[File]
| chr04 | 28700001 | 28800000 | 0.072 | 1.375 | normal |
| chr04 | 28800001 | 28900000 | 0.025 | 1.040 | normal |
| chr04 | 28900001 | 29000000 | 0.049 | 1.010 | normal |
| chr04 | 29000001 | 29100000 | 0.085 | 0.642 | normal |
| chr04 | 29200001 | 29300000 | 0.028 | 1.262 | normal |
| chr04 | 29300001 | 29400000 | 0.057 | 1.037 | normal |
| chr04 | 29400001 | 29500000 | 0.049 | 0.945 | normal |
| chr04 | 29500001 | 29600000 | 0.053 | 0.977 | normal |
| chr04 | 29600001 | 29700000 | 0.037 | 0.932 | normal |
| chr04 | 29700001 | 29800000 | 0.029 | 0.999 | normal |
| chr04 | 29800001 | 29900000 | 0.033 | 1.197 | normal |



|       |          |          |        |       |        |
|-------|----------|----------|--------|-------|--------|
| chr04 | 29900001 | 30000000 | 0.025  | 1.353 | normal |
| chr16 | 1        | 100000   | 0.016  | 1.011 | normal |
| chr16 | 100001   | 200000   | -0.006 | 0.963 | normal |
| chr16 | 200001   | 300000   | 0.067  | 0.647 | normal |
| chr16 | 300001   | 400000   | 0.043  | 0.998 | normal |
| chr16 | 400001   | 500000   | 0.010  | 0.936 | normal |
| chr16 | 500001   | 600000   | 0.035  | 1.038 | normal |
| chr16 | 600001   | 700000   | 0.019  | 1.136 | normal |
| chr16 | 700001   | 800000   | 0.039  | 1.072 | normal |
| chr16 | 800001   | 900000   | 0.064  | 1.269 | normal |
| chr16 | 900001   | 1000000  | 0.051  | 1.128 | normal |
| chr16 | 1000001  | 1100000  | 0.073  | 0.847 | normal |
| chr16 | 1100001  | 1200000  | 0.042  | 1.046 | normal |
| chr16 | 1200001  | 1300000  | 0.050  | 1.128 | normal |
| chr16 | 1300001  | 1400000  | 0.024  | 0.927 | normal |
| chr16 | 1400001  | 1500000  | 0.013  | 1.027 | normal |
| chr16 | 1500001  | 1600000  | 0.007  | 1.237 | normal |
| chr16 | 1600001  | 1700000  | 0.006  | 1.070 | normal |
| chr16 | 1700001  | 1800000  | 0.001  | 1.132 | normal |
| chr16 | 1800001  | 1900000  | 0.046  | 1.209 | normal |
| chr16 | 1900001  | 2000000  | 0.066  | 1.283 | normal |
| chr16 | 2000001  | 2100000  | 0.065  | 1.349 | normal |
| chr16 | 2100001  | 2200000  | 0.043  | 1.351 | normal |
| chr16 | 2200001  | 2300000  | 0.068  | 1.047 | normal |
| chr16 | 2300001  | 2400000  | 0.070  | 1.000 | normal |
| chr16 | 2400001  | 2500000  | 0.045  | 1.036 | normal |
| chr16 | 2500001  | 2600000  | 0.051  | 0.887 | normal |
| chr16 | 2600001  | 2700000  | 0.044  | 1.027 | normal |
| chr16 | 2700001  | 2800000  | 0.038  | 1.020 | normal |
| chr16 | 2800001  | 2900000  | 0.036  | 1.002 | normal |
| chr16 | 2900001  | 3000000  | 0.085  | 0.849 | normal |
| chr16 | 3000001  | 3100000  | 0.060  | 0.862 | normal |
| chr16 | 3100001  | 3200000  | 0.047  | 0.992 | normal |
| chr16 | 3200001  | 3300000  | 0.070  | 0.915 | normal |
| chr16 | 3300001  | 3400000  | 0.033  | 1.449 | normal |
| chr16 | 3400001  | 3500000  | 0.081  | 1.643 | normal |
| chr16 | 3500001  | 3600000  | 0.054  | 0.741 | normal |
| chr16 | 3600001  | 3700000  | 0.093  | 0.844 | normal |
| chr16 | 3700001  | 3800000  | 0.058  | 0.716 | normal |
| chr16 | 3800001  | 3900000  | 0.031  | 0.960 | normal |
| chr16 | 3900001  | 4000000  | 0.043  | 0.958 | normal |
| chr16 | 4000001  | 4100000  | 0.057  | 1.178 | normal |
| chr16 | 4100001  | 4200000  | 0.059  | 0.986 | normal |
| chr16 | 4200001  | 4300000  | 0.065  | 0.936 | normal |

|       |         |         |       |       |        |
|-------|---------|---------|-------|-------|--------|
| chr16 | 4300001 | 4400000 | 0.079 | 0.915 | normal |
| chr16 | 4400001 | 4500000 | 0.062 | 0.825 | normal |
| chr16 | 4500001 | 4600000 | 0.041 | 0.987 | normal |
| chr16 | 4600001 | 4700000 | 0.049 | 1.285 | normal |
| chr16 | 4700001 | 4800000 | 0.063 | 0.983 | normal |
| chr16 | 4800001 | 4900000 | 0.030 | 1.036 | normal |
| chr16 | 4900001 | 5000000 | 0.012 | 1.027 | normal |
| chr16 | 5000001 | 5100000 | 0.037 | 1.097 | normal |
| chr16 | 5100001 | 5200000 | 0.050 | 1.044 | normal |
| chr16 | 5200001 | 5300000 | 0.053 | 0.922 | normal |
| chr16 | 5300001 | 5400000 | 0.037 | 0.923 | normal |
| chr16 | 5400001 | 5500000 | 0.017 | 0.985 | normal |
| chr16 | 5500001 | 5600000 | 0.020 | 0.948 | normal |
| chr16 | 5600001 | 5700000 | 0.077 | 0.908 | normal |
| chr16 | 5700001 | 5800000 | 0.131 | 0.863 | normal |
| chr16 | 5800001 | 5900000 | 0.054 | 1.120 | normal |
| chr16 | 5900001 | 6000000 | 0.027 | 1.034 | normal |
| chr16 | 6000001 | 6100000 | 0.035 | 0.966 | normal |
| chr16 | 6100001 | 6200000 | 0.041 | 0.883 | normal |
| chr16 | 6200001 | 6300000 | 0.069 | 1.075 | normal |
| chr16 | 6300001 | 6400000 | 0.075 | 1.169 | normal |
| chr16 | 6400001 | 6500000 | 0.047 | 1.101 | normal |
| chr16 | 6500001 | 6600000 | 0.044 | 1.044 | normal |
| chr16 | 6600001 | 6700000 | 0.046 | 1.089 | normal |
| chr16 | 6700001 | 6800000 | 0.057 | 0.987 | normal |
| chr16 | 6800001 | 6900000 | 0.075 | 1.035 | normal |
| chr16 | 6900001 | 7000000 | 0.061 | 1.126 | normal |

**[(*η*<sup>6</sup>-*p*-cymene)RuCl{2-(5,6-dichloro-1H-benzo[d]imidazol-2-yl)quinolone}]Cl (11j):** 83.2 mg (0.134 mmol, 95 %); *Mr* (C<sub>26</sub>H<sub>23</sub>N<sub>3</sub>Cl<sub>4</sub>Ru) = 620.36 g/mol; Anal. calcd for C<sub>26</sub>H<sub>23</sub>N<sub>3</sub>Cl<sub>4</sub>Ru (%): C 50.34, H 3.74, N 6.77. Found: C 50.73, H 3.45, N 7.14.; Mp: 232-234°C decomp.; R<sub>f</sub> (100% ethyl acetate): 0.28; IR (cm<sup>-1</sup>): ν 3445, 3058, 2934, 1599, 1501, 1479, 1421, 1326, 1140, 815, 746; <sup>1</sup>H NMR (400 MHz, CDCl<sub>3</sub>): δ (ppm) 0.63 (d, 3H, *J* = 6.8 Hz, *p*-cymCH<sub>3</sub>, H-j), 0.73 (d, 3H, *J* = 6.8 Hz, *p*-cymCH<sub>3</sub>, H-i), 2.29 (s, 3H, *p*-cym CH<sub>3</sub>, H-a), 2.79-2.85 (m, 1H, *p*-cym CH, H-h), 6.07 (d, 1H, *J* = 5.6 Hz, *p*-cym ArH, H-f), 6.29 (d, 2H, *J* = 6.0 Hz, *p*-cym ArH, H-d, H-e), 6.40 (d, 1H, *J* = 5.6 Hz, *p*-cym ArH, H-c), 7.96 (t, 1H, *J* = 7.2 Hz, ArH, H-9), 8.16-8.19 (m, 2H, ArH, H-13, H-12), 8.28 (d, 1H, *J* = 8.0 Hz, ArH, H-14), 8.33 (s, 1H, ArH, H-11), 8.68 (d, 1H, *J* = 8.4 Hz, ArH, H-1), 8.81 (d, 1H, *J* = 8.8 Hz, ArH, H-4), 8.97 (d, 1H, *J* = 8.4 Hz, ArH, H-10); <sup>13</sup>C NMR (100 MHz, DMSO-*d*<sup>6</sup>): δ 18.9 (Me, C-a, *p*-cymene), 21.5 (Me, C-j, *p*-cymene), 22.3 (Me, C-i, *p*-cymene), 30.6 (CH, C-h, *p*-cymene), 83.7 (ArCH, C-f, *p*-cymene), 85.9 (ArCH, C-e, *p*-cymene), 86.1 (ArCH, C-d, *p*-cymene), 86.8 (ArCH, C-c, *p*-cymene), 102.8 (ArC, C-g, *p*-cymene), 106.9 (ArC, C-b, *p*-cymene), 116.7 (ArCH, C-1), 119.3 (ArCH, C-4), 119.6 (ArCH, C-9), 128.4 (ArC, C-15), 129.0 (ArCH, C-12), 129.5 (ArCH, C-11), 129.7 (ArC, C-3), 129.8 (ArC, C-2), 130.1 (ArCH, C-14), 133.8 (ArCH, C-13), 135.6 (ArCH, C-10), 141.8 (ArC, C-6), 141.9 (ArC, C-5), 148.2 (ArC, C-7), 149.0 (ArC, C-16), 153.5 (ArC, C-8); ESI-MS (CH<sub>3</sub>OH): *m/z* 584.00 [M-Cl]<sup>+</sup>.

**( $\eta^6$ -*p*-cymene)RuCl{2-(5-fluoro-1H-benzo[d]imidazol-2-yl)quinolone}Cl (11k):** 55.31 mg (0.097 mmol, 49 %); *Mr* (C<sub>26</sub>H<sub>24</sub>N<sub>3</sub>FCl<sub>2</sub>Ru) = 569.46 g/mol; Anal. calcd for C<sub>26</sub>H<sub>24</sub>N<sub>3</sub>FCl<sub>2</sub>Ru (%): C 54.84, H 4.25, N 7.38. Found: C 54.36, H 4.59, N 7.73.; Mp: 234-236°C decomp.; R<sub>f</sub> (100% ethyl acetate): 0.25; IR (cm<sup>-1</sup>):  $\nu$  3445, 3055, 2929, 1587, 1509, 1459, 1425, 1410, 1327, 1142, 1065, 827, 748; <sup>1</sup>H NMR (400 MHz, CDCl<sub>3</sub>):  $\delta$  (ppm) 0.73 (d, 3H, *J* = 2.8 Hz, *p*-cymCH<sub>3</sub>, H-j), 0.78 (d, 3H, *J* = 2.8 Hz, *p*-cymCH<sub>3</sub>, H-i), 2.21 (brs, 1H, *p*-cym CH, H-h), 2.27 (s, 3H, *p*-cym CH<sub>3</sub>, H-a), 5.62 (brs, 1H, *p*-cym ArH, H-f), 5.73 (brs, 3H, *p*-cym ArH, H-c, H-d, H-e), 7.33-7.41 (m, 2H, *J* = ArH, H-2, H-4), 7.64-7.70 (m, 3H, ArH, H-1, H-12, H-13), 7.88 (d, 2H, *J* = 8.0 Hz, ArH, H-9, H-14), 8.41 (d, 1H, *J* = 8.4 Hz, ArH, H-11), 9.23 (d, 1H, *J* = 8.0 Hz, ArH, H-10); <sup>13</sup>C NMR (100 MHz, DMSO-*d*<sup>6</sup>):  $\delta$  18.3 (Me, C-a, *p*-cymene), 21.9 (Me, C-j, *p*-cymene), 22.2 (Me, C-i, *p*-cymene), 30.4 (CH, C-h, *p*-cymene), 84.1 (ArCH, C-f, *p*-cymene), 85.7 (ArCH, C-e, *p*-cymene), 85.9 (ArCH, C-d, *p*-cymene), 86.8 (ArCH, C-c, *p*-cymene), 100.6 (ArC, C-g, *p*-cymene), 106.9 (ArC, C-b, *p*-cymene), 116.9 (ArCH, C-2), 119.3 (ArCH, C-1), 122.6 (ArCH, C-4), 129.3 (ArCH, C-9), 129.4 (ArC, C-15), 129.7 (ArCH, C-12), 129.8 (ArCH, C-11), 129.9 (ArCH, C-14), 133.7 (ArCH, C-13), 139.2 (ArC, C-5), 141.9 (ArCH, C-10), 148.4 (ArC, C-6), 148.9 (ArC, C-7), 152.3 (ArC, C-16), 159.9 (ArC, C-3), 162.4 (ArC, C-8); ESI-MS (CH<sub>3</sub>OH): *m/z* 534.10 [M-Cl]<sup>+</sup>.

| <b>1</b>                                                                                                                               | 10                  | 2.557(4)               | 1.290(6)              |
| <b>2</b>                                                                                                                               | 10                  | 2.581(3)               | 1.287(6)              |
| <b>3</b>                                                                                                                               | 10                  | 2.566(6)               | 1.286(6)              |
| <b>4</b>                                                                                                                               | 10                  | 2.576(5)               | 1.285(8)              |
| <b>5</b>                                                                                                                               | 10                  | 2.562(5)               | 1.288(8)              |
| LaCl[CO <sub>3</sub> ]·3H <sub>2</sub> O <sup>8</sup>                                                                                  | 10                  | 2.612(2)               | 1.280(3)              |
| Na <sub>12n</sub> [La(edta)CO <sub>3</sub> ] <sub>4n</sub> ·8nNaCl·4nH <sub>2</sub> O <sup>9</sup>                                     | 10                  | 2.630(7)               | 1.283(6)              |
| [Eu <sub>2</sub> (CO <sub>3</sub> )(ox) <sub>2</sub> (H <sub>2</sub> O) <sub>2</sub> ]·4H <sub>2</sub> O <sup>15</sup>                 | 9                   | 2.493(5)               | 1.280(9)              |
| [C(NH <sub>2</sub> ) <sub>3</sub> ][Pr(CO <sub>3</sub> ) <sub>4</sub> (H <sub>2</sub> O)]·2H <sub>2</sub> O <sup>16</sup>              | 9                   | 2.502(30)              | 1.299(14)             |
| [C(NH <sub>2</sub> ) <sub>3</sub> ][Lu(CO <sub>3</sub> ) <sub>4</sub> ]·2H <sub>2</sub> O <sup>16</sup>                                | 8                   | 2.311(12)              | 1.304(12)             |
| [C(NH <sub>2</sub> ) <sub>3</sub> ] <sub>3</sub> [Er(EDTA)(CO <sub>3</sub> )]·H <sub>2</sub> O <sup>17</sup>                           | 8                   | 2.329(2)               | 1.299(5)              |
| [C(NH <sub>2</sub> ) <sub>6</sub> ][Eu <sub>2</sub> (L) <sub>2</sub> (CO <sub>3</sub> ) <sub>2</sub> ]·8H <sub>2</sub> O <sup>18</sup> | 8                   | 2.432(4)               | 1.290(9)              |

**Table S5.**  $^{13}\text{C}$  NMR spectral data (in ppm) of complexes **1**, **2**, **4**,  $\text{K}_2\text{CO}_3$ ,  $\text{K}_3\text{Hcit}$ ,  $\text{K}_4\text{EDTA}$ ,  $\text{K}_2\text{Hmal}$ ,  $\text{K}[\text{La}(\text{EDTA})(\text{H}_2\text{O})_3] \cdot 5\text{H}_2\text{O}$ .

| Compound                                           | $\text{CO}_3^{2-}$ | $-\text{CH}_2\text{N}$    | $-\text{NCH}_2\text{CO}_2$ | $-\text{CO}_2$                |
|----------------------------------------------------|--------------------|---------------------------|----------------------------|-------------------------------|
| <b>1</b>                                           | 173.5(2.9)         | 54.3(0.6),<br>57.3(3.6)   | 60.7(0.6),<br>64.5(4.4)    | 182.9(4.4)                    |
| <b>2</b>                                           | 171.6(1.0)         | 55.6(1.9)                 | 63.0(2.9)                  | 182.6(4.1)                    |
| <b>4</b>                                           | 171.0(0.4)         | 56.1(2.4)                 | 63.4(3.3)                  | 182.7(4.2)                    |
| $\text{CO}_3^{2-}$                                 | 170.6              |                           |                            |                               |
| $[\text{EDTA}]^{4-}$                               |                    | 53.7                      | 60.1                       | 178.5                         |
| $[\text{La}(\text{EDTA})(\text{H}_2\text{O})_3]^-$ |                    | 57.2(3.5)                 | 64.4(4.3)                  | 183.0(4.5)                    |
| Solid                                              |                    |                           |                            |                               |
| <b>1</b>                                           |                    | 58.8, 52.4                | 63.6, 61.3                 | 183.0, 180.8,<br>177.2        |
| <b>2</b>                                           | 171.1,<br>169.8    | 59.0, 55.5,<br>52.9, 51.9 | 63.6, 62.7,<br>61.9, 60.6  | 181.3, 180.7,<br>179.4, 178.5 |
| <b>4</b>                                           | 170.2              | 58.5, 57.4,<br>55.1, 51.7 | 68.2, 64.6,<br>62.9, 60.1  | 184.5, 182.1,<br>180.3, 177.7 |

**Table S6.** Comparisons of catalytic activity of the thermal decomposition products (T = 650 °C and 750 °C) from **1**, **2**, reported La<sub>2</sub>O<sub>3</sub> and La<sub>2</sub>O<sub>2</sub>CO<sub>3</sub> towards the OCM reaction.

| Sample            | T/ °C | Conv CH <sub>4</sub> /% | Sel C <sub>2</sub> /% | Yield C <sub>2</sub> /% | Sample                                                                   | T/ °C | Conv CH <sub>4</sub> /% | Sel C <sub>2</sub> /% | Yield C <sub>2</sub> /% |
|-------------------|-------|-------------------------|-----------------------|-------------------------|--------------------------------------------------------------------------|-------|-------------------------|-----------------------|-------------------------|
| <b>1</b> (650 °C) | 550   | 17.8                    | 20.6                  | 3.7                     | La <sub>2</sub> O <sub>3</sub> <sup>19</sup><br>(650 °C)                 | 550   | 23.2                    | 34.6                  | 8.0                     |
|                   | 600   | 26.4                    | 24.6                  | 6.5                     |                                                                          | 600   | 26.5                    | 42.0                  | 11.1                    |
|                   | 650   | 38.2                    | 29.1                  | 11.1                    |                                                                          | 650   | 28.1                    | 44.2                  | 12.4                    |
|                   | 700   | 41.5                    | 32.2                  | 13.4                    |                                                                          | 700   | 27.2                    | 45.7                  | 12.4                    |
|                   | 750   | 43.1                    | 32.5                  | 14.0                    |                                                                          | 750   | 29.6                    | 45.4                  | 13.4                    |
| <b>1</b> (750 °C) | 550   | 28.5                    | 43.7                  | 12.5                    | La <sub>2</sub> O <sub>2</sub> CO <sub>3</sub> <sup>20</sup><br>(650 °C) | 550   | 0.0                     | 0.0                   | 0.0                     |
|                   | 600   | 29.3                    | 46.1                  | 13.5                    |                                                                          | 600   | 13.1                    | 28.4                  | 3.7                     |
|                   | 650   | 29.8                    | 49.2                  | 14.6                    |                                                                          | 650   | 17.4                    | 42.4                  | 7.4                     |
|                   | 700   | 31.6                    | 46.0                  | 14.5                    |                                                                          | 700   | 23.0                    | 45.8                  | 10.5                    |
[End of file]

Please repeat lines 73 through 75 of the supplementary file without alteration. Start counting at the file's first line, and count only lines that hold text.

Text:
| chr16 | 5600001 | 5700000 | 0.077 | 0.908 | normal |
| chr16 | 5700001 | 5800000 | 0.131 | 0.863 | normal |
| chr16 | 5800001 | 5900000 | 0.054 | 1.120 | normal |